The importance of farms cannot be understated. Farmers feed our families and keep the country running.
Farming is a business with many challenges, including risk and uncertainty. Finding ways to use less energy can reduce costs and result in energy savings for years to come.
When looking to improve farm efficiency, consider the following areas.
Motors and Pumps
Because motors and pumps account for a significant amount of energy use on a farm, replacing inefficient motors with efficient models can save energy and reduce cost.
Adding variable frequency drives allows you to adjust the frequency and voltage supplied to the motor or pump to change the motor’s speed. This saves kilowatt-hours and reduces load by only operating at the needed capacity.
A VFD can be used in place of a phase converter, which allows use of three-phase power equipment where there is only access to single-phase power.
Upgrade irrigation equipment to use less water, which means less pumping—reducing the amount of water and energy consumed.
The goal is to get the right amount of water where it is needed. This can be accomplished by reducing evaporation through system design and fixing leaks in the system. GPS and geographic information system technologies allow for more specific irrigation targeting.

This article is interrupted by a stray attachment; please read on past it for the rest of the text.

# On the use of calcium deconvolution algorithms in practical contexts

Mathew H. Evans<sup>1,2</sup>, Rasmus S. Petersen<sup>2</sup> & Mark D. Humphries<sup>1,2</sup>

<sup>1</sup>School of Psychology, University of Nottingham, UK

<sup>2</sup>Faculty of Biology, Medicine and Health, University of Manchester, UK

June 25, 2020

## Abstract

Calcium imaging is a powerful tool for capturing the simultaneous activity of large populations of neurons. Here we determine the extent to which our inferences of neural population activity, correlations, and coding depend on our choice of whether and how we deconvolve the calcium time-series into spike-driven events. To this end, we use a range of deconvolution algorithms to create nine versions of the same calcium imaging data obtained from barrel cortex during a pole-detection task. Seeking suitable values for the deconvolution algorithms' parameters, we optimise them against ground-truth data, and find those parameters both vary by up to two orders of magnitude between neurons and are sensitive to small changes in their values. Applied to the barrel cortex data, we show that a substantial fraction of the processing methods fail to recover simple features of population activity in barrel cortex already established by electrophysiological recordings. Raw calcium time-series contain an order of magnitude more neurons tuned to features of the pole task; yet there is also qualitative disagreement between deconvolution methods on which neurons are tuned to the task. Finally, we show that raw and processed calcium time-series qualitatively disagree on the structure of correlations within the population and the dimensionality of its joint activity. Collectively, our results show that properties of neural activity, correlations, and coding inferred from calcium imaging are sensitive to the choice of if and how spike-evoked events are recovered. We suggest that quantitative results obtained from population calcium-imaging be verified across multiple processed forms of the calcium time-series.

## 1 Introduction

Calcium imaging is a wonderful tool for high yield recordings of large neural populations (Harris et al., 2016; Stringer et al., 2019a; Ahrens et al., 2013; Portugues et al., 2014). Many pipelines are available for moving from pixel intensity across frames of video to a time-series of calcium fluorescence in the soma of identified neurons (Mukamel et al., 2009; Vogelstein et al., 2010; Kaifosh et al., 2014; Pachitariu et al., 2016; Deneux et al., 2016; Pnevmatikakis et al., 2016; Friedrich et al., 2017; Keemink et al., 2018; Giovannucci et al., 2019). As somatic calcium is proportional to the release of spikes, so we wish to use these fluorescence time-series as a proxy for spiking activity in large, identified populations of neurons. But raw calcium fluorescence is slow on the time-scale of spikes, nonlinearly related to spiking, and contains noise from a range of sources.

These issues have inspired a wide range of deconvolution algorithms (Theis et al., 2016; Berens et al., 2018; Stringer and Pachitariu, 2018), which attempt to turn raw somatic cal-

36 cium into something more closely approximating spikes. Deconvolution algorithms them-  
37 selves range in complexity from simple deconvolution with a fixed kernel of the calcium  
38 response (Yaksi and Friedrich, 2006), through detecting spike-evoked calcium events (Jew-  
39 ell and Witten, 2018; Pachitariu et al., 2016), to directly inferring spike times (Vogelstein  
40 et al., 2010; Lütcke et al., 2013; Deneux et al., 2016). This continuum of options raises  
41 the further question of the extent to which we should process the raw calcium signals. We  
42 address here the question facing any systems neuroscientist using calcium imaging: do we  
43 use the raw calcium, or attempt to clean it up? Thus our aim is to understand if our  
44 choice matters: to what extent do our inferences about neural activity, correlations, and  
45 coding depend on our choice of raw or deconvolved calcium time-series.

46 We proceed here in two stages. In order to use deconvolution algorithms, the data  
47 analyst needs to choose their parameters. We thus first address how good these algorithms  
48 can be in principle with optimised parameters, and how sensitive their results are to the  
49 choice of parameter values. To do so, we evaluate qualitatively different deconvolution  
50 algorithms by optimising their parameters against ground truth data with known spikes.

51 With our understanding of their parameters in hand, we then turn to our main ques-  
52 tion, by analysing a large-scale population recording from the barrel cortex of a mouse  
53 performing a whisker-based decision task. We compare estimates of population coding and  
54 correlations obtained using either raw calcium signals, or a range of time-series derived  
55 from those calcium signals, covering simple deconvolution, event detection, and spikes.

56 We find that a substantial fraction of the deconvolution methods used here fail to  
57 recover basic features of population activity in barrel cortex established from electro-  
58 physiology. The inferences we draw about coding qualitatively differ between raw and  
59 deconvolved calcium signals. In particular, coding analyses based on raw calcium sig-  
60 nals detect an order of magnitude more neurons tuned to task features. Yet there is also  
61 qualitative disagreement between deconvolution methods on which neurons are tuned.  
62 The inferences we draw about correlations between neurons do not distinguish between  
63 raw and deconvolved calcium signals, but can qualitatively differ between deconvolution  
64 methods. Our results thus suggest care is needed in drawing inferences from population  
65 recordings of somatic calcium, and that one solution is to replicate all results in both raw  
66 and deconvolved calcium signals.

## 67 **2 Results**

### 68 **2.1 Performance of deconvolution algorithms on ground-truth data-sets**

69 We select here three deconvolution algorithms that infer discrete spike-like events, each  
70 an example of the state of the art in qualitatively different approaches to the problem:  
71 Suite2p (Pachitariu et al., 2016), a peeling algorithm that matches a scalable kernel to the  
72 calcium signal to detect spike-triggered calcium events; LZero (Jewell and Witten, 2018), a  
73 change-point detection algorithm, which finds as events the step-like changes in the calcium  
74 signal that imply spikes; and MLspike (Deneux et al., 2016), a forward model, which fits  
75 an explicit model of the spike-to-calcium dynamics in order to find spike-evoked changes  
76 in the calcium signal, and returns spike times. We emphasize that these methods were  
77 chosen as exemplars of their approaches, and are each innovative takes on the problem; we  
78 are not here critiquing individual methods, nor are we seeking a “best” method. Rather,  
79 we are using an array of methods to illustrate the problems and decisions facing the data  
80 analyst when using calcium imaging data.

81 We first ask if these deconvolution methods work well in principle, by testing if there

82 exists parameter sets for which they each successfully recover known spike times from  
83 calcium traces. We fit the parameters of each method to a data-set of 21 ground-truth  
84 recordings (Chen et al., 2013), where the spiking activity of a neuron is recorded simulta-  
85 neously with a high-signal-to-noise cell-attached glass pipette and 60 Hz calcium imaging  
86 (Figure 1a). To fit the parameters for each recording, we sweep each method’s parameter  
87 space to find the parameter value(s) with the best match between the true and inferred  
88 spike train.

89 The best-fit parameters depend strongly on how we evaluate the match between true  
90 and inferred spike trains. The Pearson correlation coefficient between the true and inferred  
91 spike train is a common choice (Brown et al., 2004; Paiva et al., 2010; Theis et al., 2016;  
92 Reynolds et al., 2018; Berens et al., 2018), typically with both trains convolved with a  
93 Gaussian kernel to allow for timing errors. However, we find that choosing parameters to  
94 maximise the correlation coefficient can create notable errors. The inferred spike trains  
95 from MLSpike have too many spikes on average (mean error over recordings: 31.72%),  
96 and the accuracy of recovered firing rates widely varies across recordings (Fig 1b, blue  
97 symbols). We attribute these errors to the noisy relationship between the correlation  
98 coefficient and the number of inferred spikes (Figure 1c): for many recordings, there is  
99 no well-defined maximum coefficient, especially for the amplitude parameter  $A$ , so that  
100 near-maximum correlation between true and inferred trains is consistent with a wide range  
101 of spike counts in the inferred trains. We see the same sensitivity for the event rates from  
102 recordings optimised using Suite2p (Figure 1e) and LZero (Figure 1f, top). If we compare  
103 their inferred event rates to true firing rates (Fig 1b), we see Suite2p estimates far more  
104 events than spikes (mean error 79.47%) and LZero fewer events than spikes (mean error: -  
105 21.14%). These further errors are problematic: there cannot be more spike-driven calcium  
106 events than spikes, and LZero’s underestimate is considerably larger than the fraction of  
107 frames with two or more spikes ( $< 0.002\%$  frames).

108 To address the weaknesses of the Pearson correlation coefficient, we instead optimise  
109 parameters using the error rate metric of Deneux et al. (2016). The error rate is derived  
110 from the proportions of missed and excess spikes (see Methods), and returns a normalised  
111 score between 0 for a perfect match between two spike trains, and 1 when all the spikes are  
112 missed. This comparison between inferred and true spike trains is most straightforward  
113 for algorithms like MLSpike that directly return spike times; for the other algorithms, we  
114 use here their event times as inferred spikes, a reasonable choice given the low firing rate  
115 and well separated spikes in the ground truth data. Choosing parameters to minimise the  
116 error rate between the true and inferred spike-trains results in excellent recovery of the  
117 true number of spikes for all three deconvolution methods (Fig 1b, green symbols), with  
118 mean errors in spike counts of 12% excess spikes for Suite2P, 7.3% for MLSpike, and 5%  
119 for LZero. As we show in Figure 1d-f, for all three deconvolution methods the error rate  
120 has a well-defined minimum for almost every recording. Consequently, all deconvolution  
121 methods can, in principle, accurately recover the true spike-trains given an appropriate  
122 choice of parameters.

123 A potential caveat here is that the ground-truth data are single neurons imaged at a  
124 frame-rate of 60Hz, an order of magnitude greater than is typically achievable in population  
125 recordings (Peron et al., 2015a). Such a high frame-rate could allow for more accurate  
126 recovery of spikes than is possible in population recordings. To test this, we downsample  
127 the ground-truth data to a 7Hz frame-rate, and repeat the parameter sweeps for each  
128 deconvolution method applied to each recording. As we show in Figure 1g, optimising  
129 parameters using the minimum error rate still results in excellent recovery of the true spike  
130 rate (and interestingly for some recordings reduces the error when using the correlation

Monitor and test systems regularly to ensure maximum efficiency.
In climates where engine block heaters are used to keep vehicle engines warm enough to start, adding engine block heater controls with temperature sensors and timers will reduce electricity use.
To keep water from freezing on farms with livestock, save energy by using stock tank heaters with thermostatic controls, which operate only when needed instead of running constantly.
Insulated stock tanks may eliminate the need to heat water.
The longer lights are on, the higher the potential for savings. Prioritize replacing incandescent or fluorescent exterior lighting on photocells or lights that stay on all night.
LED lights last two to four times longer than fluorescents and 25 to 35 times longer than incandescents. That means less frequent replacement, which saves on materials and labor costs.
New farming technologies offering efficiency possibilities include electric tractors, space heating and water heating.
Equipment with information technology capabilities can aid efficiency by monitoring conditions and automating farming tasks. As with home efficiency practices, consider the equipment used most and the savings potential from upgrading or modifying existing equipment.
About 80% of U.S. farms are in counties served by electric cooperatives. Your electric co-op or public utility district may offer rebates on farming equipment and energy-efficiency projects that help reduce energy use.
Improving efficiency on the farm can result in less energy use, lower bills and improved farming success during challenging financial times.